I hope you find it as helpful and useful as I did. Enjoy!
After much prayer and thinking, I have decided to turn this blog into a peaceful location for resources to help our kids and families. I will continue to post inspirational things as well, but I've just come to the realization that autism is not about me. As a parent, I need to help my child fit into this world-- not to fully assimilate into it, but to be able to be a part of it. THAT is how I've learned to find peace. As long as I know he is not accepted, understood or acknowledged as a part of people's lives, I will not be at peace. In my journey I have discovered that his peace is my peace. I've learned to find peace on this journey-- you've all learned about that with each of my posts-- now it's time to help my child find his peace and his place. My hope is that with each post you will be able to refill your arsenal of tricks to help your loved ones with ASD. I will continue to post interesting research findings, though I'm over trying to figure out "what?" or "why?" It's time to move on and think about "how?" to make the future accessible and successful for my child.
With each new post, I will make sure to credit the source and offer a link to the original so you can learn more and become better equipped to help your loved ones find their place in this world. So, join me on the rest of this journey as we learn and share together as we move towards helping all of those touched by autism find peace in this puzzling world.
TUESDAY, July 29, 2014 (HealthDay News) -- When most children take on a task, various brain connections fire up. But scans showed less of this neuro-boosting activity in kids with autism, according to a small new study.
Moreover, children with more severe symptoms of autism displayed even less of this "brain flexibility," the researchers found.
"This reduced flexibility often causes difficulty when children with autism are faced with new situations," said study lead author Lucina Uddin, a neuroscientist and assistant professor of psychology at the University of Miami in Florida. "Knowing how the brain responds differently in these scenarios can help us to make transitions easier for these kids."
The finding -- published July 29 in Cerebral Cortex -- won't immediately lead to improvements in prevention, diagnosis or treatment of autism, which is estimated to affect one in 68 children in the United States. Still, it may provide more insight into the mysterious workings of the brain in autism.
People with autism have trouble interacting with others because they can't interpret many social signals that humans send to one another. They also engage in repetitive behaviors, such as obsessively focusing on one topic, or repeating the same action over and over.
"Based on our recent findings of overconnectivity in the brains of children with autism, I wanted to test the idea that a flexible brain is necessary for flexible behaviors," Uddin said.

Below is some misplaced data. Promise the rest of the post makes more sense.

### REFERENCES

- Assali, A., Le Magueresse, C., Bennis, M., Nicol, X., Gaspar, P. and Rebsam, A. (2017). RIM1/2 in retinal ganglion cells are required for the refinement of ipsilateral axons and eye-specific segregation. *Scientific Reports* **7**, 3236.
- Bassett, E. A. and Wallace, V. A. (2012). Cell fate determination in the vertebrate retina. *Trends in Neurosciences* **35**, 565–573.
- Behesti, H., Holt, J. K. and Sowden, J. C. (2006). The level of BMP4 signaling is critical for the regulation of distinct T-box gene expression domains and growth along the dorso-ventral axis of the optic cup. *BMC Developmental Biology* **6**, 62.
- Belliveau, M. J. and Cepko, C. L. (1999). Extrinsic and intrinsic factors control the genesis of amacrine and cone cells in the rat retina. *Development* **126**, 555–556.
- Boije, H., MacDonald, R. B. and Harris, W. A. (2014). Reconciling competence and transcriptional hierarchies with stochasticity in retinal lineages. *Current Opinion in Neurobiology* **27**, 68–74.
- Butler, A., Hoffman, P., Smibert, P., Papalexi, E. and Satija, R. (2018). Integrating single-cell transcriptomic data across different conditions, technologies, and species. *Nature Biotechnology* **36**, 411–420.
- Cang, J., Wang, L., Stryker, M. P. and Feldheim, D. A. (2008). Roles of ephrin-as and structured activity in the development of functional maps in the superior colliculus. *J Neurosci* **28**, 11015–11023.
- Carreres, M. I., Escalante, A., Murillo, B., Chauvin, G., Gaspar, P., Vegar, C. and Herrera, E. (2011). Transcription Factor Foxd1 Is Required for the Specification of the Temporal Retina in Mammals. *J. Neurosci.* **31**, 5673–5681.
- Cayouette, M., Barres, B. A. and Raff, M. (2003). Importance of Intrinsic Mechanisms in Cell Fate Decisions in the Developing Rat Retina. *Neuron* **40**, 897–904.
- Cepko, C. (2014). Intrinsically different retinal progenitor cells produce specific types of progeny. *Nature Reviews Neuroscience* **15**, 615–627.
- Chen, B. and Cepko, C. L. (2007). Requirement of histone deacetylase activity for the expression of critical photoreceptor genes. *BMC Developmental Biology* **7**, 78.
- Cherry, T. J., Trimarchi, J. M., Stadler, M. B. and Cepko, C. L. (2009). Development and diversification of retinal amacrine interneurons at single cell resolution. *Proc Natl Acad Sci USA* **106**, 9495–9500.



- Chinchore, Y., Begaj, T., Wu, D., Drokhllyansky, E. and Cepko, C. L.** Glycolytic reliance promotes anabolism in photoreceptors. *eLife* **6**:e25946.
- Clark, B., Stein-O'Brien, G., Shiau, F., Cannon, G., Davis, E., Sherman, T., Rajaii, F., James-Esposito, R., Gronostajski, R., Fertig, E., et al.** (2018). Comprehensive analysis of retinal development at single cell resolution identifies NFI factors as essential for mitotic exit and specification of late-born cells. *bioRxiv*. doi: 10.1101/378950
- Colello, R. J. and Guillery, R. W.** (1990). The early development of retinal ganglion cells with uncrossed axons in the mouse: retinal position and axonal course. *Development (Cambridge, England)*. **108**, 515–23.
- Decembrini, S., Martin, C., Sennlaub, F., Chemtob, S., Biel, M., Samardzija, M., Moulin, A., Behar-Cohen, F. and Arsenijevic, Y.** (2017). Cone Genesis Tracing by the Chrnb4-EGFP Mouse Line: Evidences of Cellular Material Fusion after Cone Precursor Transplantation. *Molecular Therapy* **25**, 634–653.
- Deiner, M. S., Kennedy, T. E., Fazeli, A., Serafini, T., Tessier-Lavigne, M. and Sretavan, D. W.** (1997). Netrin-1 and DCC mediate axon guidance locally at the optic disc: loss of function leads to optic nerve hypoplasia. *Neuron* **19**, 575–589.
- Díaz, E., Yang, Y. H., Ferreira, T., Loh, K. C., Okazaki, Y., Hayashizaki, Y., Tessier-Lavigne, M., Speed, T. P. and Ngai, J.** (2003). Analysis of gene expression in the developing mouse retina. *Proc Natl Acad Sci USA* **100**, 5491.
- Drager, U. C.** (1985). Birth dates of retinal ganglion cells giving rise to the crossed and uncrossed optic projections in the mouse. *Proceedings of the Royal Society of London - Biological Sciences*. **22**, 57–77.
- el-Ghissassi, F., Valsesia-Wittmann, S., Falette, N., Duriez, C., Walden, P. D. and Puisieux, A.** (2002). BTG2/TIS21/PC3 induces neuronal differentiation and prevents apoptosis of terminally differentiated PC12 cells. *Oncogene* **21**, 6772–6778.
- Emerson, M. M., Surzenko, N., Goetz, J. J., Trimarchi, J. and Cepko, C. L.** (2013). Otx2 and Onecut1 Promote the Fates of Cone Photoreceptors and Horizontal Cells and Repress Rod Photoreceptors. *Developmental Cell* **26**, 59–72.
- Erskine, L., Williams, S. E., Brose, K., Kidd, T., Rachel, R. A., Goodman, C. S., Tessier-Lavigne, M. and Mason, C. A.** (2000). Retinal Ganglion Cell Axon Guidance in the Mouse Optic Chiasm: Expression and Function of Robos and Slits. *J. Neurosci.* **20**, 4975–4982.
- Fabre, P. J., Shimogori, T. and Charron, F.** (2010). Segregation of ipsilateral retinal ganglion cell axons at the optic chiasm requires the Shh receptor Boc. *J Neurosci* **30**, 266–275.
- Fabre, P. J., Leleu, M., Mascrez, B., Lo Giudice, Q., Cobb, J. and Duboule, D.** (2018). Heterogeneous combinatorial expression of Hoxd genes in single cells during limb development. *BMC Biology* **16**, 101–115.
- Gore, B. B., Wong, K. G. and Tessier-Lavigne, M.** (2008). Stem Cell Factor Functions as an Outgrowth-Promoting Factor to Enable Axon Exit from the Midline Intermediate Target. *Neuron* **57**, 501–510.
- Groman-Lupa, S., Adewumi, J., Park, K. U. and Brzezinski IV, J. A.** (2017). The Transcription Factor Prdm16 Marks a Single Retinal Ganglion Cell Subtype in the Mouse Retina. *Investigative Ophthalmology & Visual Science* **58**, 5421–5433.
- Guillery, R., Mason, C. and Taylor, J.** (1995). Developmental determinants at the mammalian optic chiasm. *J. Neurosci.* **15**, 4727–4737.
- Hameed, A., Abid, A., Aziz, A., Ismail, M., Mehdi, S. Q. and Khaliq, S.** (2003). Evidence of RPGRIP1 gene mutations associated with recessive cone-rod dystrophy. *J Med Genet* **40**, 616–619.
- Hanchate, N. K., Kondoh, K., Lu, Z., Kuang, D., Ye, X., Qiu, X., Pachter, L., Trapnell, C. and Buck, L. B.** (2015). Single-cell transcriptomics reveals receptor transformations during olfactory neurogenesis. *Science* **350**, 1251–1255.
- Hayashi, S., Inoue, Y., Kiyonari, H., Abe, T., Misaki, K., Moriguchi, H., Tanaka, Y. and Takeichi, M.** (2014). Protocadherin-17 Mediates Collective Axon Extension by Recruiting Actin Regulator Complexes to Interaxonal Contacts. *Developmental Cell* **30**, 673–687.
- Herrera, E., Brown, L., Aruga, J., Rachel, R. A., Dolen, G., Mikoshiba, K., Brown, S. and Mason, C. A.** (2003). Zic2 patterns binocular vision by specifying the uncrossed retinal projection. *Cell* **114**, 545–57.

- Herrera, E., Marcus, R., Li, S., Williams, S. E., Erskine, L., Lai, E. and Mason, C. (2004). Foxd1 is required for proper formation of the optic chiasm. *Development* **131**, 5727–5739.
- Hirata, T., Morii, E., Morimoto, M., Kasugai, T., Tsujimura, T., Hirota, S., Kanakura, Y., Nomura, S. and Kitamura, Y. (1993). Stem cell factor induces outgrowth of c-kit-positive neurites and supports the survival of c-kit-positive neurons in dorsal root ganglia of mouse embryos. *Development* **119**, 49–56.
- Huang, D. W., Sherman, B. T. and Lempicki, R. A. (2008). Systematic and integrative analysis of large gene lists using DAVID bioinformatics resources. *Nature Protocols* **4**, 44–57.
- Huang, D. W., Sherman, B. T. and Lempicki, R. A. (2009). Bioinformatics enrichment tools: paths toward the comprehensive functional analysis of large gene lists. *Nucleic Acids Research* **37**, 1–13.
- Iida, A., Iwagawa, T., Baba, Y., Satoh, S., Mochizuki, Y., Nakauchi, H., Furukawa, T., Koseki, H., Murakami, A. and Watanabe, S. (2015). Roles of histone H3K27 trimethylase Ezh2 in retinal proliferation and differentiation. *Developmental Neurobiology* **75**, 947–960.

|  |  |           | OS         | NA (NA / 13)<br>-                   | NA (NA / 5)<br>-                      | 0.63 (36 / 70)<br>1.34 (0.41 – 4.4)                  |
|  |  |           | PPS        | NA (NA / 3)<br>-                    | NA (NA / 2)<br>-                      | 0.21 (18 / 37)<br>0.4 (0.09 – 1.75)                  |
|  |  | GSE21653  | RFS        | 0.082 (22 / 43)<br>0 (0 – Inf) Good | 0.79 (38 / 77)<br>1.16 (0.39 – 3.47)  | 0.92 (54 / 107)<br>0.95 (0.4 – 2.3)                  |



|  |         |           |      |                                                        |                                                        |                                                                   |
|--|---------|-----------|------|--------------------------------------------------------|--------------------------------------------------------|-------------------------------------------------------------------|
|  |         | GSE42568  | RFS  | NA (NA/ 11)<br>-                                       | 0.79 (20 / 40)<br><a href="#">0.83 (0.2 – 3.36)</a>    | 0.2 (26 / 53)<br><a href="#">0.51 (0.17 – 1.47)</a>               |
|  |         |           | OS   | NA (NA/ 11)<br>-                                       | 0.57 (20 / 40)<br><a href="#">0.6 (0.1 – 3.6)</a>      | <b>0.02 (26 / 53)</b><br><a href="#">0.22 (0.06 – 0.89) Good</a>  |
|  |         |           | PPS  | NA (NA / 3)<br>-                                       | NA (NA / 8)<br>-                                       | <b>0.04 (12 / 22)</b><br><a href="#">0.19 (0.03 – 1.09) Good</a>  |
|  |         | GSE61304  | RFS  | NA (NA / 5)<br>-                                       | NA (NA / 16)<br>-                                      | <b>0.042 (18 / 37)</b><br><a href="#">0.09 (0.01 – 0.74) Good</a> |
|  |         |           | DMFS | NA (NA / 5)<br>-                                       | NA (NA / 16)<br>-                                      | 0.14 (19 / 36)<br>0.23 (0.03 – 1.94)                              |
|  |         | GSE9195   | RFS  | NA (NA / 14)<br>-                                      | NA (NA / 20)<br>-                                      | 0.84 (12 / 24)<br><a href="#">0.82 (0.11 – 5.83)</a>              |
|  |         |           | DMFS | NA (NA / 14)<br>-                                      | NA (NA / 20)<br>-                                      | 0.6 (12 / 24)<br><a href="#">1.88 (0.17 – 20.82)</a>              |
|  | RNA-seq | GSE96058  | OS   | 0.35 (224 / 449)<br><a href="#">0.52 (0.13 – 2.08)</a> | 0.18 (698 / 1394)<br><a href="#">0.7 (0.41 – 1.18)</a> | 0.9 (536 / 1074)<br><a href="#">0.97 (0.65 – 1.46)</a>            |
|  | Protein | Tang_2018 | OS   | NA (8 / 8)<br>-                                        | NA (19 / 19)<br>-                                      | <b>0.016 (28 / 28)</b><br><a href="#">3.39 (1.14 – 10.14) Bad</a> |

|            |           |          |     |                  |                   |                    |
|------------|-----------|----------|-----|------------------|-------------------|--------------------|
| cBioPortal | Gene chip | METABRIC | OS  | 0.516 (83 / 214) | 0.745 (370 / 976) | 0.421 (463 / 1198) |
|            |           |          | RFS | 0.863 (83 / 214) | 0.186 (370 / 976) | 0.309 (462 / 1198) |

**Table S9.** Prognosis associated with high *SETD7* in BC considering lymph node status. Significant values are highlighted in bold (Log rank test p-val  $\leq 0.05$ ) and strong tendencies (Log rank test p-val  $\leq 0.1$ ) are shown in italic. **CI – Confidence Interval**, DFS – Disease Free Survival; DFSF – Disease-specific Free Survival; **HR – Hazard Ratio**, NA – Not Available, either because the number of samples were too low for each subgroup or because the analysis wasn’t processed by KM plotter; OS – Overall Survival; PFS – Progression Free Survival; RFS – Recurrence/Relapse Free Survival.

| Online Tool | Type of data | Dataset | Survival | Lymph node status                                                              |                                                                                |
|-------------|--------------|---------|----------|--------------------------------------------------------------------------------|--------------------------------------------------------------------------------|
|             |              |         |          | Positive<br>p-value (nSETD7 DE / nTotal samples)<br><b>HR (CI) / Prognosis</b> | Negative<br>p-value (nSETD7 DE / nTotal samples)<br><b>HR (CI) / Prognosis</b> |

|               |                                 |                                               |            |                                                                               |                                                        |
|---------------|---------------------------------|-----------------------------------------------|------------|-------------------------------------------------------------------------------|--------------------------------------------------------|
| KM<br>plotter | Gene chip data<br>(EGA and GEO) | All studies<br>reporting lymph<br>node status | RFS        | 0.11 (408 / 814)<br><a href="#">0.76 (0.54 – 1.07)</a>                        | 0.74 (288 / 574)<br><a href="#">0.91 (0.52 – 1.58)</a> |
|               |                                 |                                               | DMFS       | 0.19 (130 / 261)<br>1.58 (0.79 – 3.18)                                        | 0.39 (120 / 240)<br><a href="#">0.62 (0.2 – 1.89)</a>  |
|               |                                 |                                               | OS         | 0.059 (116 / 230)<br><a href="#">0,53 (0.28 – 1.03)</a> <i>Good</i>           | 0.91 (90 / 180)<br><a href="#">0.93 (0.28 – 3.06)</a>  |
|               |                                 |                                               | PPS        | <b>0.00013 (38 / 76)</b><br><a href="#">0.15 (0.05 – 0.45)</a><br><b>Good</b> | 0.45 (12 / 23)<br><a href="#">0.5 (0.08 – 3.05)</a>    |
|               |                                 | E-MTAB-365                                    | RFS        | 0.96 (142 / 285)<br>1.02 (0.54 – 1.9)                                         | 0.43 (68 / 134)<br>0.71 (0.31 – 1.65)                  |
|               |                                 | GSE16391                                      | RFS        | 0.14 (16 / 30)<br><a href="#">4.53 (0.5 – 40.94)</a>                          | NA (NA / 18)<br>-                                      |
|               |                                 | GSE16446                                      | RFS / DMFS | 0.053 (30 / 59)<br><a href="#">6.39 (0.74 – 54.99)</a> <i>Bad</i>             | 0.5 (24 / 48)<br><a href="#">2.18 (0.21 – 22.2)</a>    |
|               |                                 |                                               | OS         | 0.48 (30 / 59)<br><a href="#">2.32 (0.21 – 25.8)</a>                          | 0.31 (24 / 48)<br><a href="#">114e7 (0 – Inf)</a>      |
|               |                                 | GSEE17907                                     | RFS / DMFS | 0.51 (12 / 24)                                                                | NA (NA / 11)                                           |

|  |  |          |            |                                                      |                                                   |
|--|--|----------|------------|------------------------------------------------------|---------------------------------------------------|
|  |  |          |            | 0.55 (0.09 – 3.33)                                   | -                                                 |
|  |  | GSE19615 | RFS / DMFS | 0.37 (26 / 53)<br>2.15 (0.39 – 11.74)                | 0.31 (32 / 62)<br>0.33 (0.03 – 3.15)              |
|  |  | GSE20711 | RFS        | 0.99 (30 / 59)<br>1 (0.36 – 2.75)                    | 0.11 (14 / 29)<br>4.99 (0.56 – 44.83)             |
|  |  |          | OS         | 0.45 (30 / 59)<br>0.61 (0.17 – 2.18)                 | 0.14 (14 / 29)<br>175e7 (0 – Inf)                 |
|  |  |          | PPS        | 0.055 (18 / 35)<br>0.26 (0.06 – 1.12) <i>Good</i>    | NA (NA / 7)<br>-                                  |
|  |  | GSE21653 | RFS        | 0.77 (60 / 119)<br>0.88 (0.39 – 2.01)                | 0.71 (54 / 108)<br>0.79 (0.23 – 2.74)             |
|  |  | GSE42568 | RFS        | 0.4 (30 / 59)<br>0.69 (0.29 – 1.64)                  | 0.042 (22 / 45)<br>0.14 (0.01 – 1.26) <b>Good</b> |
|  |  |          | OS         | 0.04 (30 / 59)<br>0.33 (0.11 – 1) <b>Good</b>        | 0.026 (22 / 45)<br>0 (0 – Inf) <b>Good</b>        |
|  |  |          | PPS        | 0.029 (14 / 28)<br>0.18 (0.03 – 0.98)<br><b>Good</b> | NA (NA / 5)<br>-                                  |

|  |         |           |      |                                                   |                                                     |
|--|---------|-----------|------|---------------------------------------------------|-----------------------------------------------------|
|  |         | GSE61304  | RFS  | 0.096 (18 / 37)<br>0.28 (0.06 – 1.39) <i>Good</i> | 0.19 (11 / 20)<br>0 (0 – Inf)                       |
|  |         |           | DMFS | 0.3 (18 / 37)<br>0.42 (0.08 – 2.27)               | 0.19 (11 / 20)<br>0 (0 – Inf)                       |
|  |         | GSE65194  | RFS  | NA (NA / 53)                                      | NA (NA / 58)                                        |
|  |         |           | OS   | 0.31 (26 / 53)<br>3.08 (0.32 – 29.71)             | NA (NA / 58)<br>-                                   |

In the new study, researchers performed brain scans on 34 children with autism and 34 typically developing children while at rest and while performing a task -- either solving math problems or distinguishing faces from one another. The idea was to include tasks that would -- and wouldn't -- significantly challenge kids with autism.
The kids with autism did as well as the others on the tasks. However, "across a set of brain connections known to be important for switching between different tasks, children with autism showed reduced 'brain flexibility' compared with typically developing peers," Uddin said.
The researchers also found a connection between the severity of restricted and repetitive behaviors and the degree of inflexibility.
In the big picture, "the findings may help researchers develop new therapies that target brain flexibility through strategies, tools and games that improve task-switching, for example," said study co-author Kaustubh Supekar, a science research associate with the department of psychiatry and behavioral sciences at Stanford University School of Medicine.
Jose Perez Velazquez, a senior scientist with Toronto's Hospital for Sick Children, cautioned that just because the brains of people with autism work differently doesn't mean that they work in a worse way. When it comes to behaviors, "which ones we want to label pathological or deviant is, many times, a matter of taste," said Velazquez, who wasn't involved in the study.
SOURCES: Lucina Uddin, Ph.D., assistant professor, psychology, University of Miami, Florida; Kaustubh Supekar, Ph.D., research associate and scientist, department of psychiatry and behavioral sciences, Stanford University School of Medicine, Palo Alto, Calif.; Jose Perez Velazquez, Ph.D., senior scientist, neurosciences and mental health, Hospital for Sick Children, and professor, department of pediatrics and the Institute of Medical Science, University of Toronto, Canada. July 29, 2014, online, Cerebral Cortex
Copyright (c) 2014 HealthDay. All rights reserved.